Seniors face complex legal concerns that are often different from what they faced when they were younger.
Actions taken may have unintended legal effects. As a senior or someone who’s helping make decisions for a senior, it’s important that you work with an attorney who is an expert in Elder Law.
What Is Elder Law? Elder Law encompasses many different fields of law. An Elder Law attorney specializes in how to best use their knowledge to fit the needs of seniors. Some of these fields include:
Preservation/transfer of assets seeking to avoid spousal impoverishment when a spouse enters a nursing home
Supplemental and long-term health insurance issues
Disability planning, including use of durable powers of attorney, living trusts, "living wills," for financial management and health care decisions, and other means of delegating management and decision-making to another in case of incompetency or incapacity
Conservatorships and guardianships
Long-term care placements in nursing home and life care communities
Nursing home issues including questions of patients' rights and nursing home quality
Elder abuse and fraud recovery cases
Retirement, including public and private retirement benefits, survivor benefits, and pension benefits
Most Elder Law attorneys do not specialize in every one of these areas, so when an attorney says he or she practices Elder Law, find out which of these matters he or she handles. You will want to hire the attorney who regularly handles matters in the area of concern in your particular case and who will know enough about the other fields to question whether the action being taken might be affected by laws in any of the other areas of law. For example, if you are going to rewrite your will and your spouse is ill, the estate planner needs to know enough about Medicaid to know whether it is an issue with regard to your spouse's inheritance.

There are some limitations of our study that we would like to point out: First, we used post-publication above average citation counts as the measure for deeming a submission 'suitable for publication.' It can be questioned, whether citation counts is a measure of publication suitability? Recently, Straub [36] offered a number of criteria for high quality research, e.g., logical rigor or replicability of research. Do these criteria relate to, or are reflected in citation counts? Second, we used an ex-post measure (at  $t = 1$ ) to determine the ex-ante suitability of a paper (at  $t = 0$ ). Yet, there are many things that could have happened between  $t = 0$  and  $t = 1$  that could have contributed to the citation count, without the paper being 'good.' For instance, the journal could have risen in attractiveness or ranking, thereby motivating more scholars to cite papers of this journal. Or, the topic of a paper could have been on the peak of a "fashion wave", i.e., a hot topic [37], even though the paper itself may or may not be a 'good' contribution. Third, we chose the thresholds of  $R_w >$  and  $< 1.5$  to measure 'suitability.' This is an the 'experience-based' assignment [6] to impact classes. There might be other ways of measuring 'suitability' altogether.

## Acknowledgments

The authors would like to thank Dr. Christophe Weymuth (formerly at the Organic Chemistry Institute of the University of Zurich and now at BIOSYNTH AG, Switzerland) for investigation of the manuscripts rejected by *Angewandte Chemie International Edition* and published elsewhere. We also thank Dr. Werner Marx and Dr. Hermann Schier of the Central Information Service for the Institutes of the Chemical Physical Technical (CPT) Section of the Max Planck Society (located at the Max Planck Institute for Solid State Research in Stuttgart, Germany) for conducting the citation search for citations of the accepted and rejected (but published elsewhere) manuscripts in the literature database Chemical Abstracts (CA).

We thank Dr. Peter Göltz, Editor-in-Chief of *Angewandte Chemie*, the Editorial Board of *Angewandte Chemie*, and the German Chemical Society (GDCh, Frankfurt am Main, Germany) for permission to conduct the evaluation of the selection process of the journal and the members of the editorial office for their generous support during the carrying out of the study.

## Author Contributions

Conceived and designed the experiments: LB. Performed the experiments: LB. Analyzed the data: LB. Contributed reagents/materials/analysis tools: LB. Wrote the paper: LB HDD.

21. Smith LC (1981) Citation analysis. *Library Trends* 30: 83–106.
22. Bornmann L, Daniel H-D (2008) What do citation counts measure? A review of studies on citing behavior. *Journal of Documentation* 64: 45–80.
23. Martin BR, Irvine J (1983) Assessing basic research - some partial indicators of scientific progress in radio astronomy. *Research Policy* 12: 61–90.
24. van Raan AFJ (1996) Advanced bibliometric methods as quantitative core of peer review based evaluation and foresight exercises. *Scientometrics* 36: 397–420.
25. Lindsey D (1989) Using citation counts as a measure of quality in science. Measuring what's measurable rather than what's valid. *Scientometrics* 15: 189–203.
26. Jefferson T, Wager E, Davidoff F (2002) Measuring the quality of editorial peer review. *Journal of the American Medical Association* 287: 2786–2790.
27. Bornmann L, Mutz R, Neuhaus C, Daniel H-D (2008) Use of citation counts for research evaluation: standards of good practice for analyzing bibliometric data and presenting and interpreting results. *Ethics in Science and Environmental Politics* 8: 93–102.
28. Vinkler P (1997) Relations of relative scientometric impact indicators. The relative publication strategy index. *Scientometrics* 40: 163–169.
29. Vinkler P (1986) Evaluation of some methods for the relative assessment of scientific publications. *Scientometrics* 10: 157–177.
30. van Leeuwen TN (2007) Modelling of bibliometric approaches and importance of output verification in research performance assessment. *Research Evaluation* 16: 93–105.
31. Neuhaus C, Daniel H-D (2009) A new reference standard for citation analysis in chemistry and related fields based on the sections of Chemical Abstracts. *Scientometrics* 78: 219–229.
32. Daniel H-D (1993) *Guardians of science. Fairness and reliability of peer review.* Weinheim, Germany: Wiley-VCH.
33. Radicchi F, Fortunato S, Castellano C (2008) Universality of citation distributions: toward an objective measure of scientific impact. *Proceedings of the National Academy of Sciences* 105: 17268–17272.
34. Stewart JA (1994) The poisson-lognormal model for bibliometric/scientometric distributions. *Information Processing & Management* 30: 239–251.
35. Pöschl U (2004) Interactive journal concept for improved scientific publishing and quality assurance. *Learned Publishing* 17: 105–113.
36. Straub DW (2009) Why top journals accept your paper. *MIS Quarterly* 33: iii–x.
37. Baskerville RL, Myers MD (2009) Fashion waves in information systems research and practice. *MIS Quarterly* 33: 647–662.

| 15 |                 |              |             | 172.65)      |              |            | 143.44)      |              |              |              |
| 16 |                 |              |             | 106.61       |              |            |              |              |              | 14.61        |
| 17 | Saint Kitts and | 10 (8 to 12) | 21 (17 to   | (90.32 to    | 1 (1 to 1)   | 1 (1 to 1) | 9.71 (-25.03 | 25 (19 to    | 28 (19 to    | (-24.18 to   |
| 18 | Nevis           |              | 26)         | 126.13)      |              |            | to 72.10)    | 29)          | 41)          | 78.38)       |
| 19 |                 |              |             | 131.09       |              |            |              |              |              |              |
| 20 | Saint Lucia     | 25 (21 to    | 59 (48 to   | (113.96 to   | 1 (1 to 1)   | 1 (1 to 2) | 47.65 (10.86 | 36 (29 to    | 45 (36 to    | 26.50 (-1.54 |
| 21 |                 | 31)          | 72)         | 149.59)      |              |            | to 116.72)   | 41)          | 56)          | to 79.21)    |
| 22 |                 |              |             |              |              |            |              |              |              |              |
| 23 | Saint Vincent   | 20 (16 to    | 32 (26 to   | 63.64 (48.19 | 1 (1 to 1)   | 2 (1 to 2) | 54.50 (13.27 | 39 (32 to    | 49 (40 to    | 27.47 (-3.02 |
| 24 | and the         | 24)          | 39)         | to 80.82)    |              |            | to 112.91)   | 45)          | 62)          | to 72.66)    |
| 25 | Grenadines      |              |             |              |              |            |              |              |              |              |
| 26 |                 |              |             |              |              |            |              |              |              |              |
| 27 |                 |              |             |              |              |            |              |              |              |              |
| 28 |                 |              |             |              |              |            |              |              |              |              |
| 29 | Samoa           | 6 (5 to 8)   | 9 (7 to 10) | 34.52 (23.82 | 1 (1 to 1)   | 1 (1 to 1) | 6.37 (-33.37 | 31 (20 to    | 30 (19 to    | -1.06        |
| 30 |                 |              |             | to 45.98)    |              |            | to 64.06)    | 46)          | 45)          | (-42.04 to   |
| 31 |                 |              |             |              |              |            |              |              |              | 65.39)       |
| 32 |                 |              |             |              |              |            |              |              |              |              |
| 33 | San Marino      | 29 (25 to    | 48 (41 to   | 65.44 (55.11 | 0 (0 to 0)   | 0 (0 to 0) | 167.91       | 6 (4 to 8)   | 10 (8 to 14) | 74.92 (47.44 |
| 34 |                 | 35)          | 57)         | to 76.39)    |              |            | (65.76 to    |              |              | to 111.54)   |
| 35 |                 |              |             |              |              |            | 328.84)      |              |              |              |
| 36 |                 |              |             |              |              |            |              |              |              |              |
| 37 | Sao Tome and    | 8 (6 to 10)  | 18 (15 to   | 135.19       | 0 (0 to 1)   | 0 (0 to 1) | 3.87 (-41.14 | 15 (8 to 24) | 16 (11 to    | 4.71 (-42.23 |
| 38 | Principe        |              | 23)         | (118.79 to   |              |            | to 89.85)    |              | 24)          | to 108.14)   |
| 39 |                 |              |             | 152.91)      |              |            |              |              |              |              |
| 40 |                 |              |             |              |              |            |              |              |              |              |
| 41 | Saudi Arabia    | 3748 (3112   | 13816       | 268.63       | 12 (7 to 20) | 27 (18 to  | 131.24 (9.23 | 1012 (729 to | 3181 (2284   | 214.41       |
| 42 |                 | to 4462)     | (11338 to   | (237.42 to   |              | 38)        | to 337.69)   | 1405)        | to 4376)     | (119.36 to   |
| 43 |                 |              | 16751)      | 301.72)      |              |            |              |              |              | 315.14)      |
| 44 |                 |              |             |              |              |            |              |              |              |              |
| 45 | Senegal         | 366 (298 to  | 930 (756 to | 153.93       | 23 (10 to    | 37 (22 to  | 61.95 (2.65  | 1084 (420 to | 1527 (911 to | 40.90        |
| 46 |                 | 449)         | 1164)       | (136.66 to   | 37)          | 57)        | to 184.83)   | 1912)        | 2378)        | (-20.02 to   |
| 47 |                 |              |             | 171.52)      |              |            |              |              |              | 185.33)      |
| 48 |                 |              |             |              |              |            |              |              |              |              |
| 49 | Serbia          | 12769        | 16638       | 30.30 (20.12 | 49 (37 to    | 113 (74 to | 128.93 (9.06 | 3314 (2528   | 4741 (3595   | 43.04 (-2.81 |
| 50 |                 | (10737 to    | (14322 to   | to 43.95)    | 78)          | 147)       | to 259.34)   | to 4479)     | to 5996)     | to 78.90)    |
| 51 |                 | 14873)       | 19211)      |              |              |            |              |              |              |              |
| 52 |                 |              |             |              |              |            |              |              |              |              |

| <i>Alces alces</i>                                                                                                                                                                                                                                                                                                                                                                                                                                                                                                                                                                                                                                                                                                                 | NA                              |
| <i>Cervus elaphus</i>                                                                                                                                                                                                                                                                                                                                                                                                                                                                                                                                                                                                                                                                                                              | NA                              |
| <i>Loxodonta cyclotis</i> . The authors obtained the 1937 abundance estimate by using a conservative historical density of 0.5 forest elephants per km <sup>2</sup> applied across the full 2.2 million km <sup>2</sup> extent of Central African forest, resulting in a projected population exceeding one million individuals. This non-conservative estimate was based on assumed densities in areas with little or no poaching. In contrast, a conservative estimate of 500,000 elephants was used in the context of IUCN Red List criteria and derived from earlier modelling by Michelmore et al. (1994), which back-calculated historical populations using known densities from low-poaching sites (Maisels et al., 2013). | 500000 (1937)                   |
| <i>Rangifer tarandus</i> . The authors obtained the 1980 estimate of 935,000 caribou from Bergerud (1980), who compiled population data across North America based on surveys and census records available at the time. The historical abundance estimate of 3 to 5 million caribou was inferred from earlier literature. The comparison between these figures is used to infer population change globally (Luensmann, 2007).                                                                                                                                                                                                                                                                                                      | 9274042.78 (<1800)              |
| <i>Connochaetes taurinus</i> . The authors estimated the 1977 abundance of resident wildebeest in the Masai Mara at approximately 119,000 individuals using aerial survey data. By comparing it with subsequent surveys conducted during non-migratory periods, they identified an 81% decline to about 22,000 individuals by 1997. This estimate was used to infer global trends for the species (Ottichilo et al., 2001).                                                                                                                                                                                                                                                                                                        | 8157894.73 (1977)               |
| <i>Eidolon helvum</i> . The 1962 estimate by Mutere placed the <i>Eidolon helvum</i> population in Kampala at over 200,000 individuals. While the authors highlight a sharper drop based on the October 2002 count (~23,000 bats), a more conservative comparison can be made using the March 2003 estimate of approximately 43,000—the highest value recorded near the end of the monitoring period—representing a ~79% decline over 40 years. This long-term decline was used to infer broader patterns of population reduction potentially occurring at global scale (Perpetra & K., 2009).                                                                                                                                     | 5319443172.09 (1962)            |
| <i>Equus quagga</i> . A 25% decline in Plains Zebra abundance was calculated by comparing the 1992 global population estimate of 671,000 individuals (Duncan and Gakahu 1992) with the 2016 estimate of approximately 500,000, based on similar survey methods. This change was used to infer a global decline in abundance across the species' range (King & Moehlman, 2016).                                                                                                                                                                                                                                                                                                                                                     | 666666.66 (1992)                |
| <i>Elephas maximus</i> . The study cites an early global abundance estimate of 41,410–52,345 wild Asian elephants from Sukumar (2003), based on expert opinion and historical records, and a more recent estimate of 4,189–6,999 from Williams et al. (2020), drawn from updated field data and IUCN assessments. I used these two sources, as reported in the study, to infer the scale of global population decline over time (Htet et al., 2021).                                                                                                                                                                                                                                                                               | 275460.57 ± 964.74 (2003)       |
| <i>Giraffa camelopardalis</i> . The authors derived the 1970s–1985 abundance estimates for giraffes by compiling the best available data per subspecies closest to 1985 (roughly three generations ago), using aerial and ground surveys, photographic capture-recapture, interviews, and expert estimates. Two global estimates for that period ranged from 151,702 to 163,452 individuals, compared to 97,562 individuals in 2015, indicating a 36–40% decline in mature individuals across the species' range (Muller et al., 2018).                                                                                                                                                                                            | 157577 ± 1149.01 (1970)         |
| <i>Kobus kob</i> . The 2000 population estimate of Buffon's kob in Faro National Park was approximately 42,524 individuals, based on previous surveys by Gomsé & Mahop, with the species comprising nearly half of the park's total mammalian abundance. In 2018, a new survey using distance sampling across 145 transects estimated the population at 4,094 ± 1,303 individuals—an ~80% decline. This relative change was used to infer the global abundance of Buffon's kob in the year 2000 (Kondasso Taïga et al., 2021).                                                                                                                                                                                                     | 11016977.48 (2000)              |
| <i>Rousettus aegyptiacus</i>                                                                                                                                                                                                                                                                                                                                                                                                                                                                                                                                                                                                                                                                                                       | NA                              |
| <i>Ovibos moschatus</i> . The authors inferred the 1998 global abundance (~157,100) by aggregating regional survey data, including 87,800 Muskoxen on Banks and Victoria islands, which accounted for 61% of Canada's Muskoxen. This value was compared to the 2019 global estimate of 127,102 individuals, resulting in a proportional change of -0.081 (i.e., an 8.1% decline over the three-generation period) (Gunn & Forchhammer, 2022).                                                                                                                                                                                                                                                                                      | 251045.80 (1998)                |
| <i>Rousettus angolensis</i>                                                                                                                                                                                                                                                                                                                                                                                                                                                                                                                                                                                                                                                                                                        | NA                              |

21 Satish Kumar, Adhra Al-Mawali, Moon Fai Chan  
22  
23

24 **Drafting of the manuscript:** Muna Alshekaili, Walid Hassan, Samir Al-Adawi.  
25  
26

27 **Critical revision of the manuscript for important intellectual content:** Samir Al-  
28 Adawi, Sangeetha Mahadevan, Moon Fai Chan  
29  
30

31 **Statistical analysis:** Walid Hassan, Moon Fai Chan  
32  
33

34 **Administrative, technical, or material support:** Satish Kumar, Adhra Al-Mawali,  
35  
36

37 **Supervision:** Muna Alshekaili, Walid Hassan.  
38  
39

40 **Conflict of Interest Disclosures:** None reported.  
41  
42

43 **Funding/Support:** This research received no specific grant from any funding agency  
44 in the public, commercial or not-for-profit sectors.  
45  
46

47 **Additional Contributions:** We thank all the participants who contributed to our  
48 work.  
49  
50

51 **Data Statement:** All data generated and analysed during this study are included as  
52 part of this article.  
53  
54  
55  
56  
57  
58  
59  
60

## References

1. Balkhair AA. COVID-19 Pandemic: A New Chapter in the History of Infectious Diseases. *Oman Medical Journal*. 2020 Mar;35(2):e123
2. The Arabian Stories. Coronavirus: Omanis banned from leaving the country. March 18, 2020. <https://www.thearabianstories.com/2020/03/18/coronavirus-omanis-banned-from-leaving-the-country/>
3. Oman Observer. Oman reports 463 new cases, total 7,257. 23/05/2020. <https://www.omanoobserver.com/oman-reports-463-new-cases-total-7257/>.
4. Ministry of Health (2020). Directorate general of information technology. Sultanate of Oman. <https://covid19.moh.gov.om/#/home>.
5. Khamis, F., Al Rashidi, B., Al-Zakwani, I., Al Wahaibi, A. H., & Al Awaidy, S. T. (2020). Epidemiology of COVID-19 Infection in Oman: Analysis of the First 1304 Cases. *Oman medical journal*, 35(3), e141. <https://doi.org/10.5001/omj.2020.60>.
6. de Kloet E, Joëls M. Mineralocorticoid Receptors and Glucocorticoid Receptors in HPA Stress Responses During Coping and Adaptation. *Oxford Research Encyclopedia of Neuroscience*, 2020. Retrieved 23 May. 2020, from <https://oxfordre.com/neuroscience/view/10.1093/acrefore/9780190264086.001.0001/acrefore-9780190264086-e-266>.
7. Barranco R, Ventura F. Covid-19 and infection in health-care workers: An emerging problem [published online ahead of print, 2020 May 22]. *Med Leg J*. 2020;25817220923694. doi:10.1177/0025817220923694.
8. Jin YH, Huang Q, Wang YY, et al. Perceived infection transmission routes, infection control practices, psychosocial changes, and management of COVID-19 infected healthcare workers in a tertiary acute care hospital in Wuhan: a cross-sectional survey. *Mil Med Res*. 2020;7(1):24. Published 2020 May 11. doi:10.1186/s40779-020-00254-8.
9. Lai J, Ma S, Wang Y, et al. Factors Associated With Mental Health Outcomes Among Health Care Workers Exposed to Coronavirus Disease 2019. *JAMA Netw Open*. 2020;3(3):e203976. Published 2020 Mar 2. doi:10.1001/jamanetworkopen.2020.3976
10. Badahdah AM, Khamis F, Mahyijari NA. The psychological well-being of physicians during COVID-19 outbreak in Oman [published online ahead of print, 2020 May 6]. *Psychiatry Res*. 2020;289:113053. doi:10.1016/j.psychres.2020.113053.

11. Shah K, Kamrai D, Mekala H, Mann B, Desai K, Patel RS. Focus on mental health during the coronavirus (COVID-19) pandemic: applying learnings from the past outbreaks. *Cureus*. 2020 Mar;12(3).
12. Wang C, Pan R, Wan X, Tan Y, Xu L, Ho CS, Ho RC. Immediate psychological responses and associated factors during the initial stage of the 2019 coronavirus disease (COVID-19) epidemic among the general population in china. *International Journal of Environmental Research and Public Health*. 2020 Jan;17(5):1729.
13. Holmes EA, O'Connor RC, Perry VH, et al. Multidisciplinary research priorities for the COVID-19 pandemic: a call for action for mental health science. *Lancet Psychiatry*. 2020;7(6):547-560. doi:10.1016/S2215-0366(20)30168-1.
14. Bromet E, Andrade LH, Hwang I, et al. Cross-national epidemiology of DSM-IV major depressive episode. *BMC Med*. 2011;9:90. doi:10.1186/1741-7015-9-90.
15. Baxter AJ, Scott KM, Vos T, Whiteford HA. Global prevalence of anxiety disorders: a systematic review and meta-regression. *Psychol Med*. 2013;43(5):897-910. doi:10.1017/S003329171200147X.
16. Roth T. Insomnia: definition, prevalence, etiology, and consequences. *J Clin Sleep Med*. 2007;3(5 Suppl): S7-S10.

An Elder Law attorney:
Focuses his or her practice on the legal needs of seniors.
Works with a variety of legal tools and techniques that specifically meet the goals and objectives of the older client.
Uses a holistic approach to legal advice, taking into consideration the key issues facing seniors: housing, financial well-being, health and long-term care, and autonomy/quality of life.
Brings to his or her practice a knowledge of the issues facing seniors that allows them and their staff to ignore the myths relating to aging and the competence of seniors.
Will take into account and empathize with some of the physical and mental difficulties that often accompany the aging process. Their understanding of the reallife problems of people as they age allows them to determine more easily the difference between the physical versus the mental disability of a client.
Is tied into a formal or informal system of social workers, psychologists, and other elder care professionals who may be of assistance to you.
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